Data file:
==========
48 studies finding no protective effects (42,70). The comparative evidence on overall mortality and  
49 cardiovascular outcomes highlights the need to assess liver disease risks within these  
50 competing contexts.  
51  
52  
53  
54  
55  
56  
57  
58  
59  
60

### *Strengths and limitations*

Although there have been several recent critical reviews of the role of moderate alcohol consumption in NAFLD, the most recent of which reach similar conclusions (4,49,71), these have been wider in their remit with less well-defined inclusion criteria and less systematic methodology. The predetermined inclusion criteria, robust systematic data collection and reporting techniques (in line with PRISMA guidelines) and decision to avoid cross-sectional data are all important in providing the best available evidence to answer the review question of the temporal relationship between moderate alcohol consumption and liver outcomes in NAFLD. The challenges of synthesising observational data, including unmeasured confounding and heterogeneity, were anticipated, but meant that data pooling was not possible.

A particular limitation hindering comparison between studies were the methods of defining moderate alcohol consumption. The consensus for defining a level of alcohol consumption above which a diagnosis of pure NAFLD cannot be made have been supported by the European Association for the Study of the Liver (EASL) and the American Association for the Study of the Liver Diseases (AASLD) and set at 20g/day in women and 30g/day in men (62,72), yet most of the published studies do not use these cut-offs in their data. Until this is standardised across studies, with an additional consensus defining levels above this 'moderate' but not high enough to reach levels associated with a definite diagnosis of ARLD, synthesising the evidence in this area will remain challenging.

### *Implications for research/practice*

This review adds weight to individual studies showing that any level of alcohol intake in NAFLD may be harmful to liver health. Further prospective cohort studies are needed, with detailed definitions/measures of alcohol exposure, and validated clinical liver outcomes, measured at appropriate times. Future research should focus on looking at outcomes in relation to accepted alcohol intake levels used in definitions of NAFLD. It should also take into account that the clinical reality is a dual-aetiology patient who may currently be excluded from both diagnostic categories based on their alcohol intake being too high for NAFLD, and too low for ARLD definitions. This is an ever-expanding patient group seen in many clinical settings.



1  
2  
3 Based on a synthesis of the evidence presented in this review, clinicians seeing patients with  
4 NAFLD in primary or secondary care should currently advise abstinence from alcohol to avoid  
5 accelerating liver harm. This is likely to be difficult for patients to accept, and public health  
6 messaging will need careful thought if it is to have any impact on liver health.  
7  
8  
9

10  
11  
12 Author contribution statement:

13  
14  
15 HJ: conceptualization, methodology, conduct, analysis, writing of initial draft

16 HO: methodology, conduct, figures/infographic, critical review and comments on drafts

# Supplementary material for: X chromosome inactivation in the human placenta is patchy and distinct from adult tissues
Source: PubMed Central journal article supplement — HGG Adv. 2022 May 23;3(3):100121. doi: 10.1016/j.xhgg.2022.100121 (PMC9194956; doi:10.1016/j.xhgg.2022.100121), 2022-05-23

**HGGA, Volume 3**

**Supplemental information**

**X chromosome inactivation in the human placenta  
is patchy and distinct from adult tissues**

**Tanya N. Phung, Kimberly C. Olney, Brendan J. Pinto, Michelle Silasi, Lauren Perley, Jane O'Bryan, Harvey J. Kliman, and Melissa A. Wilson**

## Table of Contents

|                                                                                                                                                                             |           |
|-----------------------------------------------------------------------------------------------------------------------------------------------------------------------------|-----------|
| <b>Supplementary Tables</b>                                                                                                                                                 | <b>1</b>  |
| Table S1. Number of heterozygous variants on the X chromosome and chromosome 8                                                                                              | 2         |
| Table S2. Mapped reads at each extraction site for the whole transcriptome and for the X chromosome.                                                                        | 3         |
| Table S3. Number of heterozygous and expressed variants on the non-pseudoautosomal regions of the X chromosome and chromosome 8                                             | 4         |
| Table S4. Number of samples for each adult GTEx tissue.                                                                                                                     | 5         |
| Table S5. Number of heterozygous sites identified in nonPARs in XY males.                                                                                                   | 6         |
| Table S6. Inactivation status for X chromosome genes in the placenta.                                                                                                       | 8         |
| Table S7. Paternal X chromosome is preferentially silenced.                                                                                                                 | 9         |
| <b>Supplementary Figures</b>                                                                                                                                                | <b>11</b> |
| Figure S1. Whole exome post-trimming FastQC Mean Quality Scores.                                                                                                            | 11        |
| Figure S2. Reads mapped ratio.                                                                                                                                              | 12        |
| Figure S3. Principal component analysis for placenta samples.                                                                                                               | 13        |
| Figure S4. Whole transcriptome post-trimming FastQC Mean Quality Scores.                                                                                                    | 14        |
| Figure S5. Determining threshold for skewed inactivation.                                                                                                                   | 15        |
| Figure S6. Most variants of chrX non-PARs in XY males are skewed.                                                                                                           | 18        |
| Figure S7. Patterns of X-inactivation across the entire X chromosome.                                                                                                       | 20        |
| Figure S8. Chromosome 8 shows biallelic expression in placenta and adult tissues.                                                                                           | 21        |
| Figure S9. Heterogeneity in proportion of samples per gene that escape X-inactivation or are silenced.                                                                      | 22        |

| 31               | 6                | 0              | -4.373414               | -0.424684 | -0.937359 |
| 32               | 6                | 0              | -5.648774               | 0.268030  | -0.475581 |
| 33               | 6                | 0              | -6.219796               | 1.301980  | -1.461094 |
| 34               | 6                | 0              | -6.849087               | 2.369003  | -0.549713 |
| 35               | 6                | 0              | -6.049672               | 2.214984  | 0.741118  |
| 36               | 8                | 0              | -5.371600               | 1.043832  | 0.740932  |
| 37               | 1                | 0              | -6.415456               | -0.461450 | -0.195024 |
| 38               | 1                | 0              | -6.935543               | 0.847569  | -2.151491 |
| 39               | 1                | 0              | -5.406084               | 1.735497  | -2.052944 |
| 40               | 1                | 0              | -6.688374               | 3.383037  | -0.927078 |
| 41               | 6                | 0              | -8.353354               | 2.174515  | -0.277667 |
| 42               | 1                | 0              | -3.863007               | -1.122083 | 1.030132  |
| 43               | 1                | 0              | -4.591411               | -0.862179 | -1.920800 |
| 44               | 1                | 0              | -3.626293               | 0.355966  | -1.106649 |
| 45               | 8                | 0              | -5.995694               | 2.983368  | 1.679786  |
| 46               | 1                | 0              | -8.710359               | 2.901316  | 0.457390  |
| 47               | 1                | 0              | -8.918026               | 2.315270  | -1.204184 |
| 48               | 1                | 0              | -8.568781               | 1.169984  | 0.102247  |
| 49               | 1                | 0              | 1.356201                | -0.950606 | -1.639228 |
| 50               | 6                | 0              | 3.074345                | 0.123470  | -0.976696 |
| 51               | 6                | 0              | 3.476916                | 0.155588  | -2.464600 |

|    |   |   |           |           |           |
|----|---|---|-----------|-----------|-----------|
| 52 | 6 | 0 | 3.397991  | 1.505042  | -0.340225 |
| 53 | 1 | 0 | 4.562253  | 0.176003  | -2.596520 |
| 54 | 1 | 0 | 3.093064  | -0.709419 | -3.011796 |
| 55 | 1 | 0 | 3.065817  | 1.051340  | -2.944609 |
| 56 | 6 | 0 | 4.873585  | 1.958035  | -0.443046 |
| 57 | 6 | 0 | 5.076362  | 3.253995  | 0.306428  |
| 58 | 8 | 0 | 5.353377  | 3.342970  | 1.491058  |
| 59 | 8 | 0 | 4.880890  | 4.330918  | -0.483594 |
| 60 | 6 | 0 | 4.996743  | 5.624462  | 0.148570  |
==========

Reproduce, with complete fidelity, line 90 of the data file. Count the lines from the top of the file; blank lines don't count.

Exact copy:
| 56 | 6 | 0 | 4.873585  | 1.958035  | -0.443046 |